Maybe I’m missing some idealized version of the American West that I never really fully appreciated when I was growing up, but I’ve really taken a hankering to country music lately.
I’m not talking pretty much anything you’re going to see on CMT or hear on your local country station. (True story: I was in the car and had to scramble to change the station when a song I hated came up on the regular station and ended up somewhere entirely different. It was very pop/rock, but I couldn’t identify the song or singer. Two songs later, found out I’d stumbled onto the local country station. And sorry kids, but if your country music doesn’t have steel guitar and/or fiddle, it ain’t country. I don’t make the rules.)
Give me the REAL shit, the smell of dust and horses, desert sunsets and domestic beer. Give me poetry that sings of the high lonesome, of regret, of loss, all wrapped up with a twang of guitar and the crisp, clear razor of a steel guitar. The kind of country music that, honestly, I didn’t really think many people made anymore.
I was wrong, of course. That’s entirely what Kassi Valazza has given us here in her debut album, a tight nine songs, clocking in under 50 minutes. According to her bio, she grew up in the “vast open spaces of Arizona.” And despite the fact that she now lives in (and apparently recorded this album in) Portland, Oregon, I can still hear the desert in her voice. There’s also a hint of psychedelia in her songs–maybe it’s the dreamy quality. I can’t pin it down, but these songs shimmer and hum.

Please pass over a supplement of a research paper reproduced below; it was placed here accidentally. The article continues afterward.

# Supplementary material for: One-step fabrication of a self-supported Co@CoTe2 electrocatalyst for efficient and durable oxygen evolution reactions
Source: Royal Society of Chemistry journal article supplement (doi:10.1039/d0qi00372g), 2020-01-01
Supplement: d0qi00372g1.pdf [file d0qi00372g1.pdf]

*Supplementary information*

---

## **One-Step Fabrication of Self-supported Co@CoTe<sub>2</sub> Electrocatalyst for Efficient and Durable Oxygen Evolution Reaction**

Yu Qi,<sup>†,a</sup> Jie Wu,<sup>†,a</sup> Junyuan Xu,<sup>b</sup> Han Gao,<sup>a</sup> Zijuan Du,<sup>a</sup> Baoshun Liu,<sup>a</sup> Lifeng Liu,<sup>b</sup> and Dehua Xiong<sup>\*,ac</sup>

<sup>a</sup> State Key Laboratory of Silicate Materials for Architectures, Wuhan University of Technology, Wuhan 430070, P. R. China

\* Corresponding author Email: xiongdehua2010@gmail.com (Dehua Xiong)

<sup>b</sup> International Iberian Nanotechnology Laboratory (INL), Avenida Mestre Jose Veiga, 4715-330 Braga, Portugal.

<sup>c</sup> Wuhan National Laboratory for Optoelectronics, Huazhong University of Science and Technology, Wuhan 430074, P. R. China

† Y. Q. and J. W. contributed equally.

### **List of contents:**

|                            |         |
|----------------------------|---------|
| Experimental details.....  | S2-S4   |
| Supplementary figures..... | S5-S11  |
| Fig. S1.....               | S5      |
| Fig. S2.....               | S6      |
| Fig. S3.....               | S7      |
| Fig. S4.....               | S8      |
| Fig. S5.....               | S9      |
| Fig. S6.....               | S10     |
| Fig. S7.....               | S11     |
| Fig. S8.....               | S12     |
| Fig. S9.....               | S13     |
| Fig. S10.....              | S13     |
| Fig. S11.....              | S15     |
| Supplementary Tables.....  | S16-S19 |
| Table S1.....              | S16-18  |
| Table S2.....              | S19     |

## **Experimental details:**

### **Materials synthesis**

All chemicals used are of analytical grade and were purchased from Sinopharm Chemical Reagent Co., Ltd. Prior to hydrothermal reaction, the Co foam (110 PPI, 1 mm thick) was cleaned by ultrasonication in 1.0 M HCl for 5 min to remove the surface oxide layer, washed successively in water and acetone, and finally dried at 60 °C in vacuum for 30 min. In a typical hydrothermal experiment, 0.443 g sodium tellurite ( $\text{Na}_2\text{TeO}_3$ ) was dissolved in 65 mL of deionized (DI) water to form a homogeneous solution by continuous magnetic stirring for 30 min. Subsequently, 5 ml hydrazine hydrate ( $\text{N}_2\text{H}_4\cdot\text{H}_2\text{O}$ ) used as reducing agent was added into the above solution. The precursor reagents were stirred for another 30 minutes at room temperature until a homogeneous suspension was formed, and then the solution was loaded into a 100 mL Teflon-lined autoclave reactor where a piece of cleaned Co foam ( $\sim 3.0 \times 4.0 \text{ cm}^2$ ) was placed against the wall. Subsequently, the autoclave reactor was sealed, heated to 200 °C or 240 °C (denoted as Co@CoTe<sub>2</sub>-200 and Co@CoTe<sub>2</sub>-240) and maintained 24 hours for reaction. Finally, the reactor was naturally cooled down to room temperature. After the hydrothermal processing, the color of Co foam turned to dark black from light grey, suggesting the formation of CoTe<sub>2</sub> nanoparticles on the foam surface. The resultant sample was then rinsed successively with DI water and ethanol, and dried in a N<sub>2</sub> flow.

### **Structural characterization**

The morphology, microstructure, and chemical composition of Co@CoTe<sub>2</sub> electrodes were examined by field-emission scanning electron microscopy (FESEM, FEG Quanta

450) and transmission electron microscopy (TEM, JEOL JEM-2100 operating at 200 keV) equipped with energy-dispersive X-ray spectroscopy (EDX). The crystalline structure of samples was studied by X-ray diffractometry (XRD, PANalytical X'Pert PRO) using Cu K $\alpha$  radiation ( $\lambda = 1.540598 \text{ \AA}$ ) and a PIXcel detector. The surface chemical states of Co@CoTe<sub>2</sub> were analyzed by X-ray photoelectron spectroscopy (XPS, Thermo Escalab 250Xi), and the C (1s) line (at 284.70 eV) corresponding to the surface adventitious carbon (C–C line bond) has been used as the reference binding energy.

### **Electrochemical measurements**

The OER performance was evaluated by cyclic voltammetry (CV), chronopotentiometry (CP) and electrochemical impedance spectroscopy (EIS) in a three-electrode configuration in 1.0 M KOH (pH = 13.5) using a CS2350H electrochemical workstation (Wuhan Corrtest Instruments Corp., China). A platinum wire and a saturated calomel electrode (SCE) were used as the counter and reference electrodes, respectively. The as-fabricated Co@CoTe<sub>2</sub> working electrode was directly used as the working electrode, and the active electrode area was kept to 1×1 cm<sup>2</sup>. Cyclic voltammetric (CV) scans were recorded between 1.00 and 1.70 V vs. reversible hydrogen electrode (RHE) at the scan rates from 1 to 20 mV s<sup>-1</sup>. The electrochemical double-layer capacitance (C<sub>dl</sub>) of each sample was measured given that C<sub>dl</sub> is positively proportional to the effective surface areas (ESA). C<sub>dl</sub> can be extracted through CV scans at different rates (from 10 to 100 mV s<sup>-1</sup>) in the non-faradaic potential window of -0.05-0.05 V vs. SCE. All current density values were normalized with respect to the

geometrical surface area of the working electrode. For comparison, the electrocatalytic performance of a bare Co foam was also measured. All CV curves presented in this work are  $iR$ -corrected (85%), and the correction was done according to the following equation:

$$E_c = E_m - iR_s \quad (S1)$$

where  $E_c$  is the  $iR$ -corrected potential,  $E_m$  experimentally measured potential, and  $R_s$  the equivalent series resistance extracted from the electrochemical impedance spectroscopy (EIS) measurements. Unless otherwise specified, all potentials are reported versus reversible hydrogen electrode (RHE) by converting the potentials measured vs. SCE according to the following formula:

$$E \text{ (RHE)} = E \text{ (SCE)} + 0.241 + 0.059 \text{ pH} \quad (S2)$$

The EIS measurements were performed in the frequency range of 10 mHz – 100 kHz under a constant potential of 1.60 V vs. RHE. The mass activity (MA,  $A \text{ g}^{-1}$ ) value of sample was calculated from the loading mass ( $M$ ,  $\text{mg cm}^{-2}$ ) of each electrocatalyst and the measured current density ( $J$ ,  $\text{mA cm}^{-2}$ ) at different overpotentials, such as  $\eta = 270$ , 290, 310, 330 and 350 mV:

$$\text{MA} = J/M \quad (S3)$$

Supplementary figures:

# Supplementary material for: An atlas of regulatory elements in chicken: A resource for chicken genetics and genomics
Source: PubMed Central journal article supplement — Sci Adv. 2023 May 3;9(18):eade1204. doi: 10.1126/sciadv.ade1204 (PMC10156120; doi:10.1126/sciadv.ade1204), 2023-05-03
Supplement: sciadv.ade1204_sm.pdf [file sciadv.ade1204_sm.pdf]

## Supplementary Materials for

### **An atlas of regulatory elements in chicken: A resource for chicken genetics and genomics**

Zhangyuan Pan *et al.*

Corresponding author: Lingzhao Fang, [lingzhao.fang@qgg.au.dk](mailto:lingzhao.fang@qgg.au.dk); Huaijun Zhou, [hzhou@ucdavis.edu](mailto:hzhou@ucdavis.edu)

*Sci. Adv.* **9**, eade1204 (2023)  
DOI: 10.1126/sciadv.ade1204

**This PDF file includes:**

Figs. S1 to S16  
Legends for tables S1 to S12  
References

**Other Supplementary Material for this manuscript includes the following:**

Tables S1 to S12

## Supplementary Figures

Songs like “Cayuse” (my favorite on the album), and “Running on Empty,” are packed with longing, beautifully written and crisply recorded. They could have been recorded by one of the queens of country seventy years ago. Yeah, I’m saying Patsy, Loretta, Tammy. “Johnny Dear” has a big sound, with ghostly guitars up front, lacing around Kassi’s whiskey-soaked voice and a light military style cadence and organ in the background. It’s timeless in much the same way that Neko Case’s Furnace Room Lullaby album was almost two decades ago–the way k.d. lang’s Angel With a Lariat was timeless thirteen years before that.
Honestly, between this album, the previously discussed Delines, and Richmond Fontane, it’s sounding more and more like Portland, Oregon is becoming a great town for old-school country.
Kassi is pretty new to the scene. Dear Dead Days was just released in May, so get on board early and be one of the cool kids who knew who she was “before she was huge!” Of her four videos, one is an actual music video video of “Verde River” which, while being the song that brought her to my attention, isn’t my favorite on the album. That video has under 2,000 plays, and the others are well-recorded live songs from The Liquor Store show in early December 2018, none of them with more than 150 views as of this posting. The album up top links to her Bandcamp site, but I’m linking it again here. I heartily endorse picking this up.
“Mary” (posted below) is one of my favorites and is well worth a listen.